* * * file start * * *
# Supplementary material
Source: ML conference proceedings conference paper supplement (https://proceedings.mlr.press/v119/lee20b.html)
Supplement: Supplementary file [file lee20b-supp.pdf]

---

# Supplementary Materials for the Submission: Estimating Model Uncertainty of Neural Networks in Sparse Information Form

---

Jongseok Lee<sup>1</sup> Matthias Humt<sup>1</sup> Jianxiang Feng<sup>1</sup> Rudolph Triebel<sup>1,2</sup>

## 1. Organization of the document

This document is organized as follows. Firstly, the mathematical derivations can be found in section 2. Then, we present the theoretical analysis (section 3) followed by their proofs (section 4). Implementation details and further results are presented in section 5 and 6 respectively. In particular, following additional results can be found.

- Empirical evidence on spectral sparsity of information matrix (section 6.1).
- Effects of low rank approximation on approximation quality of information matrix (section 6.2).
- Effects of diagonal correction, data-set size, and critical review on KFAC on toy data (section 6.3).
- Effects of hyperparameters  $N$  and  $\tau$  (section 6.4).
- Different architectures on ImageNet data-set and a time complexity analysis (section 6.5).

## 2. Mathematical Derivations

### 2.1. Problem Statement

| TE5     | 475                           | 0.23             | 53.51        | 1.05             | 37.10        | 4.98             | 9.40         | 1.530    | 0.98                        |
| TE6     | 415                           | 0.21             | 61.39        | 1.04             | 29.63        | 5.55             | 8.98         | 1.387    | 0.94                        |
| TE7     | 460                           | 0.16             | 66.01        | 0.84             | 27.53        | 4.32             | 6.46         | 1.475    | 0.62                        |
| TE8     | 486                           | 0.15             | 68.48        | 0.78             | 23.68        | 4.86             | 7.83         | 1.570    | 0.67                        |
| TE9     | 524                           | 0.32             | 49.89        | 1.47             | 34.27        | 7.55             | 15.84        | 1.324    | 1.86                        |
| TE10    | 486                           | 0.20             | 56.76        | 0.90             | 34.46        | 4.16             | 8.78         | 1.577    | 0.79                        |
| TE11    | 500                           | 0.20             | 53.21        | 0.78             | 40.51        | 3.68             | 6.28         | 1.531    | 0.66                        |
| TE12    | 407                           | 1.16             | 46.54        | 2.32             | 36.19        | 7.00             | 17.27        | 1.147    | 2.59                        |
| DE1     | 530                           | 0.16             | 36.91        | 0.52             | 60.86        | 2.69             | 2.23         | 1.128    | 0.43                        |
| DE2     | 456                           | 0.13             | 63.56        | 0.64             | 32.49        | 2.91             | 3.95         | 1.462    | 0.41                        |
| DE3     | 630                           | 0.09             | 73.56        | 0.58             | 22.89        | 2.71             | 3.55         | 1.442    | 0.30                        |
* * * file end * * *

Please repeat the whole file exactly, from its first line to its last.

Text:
# Supplementary material
Source: ML conference proceedings conference paper supplement (https://proceedings.mlr.press/v119/lee20b.html)
Supplement: Supplementary file [file lee20b-supp.pdf]

---

# Supplementary Materials for the Submission: Estimating Model Uncertainty of Neural Networks in Sparse Information Form

---

Jongseok Lee<sup>1</sup> Matthias Humt<sup>1</sup> Jianxiang Feng<sup>1</sup> Rudolph Triebel<sup>1,2</sup>

## 1. Organization of the document

This document is organized as follows. Firstly, the mathematical derivations can be found in section 2. Then, we present the theoretical analysis (section 3) followed by their proofs (section 4). Implementation details and further results are presented in section 5 and 6 respectively. In particular, following additional results can be found.

- Empirical evidence on spectral sparsity of information matrix (section 6.1).
- Effects of low rank approximation on approximation quality of information matrix (section 6.2).
- Effects of diagonal correction, data-set size, and critical review on KFAC on toy data (section 6.3).
- Effects of hyperparameters  $N$  and  $\tau$  (section 6.4).
- Different architectures on ImageNet data-set and a time complexity analysis (section 6.5).

## 2. Mathematical Derivations

### 2.1. Problem Statement

| TE5     | 475                           | 0.23             | 53.51        | 1.05             | 37.10        | 4.98             | 9.40         | 1.530    | 0.98                        |
| TE6     | 415                           | 0.21             | 61.39        | 1.04             | 29.63        | 5.55             | 8.98         | 1.387    | 0.94                        |
| TE7     | 460                           | 0.16             | 66.01        | 0.84             | 27.53        | 4.32             | 6.46         | 1.475    | 0.62                        |
| TE8     | 486                           | 0.15             | 68.48        | 0.78             | 23.68        | 4.86             | 7.83         | 1.570    | 0.67                        |
| TE9     | 524                           | 0.32             | 49.89        | 1.47             | 34.27        | 7.55             | 15.84        | 1.324    | 1.86                        |
| TE10    | 486                           | 0.20             | 56.76        | 0.90             | 34.46        | 4.16             | 8.78         | 1.577    | 0.79                        |
| TE11    | 500                           | 0.20             | 53.21        | 0.78             | 40.51        | 3.68             | 6.28         | 1.531    | 0.66                        |
| TE12    | 407                           | 1.16             | 46.54        | 2.32             | 36.19        | 7.00             | 17.27        | 1.147    | 2.59                        |
| DE1     | 530                           | 0.16             | 36.91        | 0.52             | 60.86        | 2.69             | 2.23         | 1.128    | 0.43                        |
| DE2     | 456                           | 0.13             | 63.56        | 0.64             | 32.49        | 2.91             | 3.95         | 1.462    | 0.41                        |
| DE3     | 630                           | 0.09             | 73.56        | 0.58             | 22.89        | 2.71             | 3.55         | 1.442    | 0.30                        |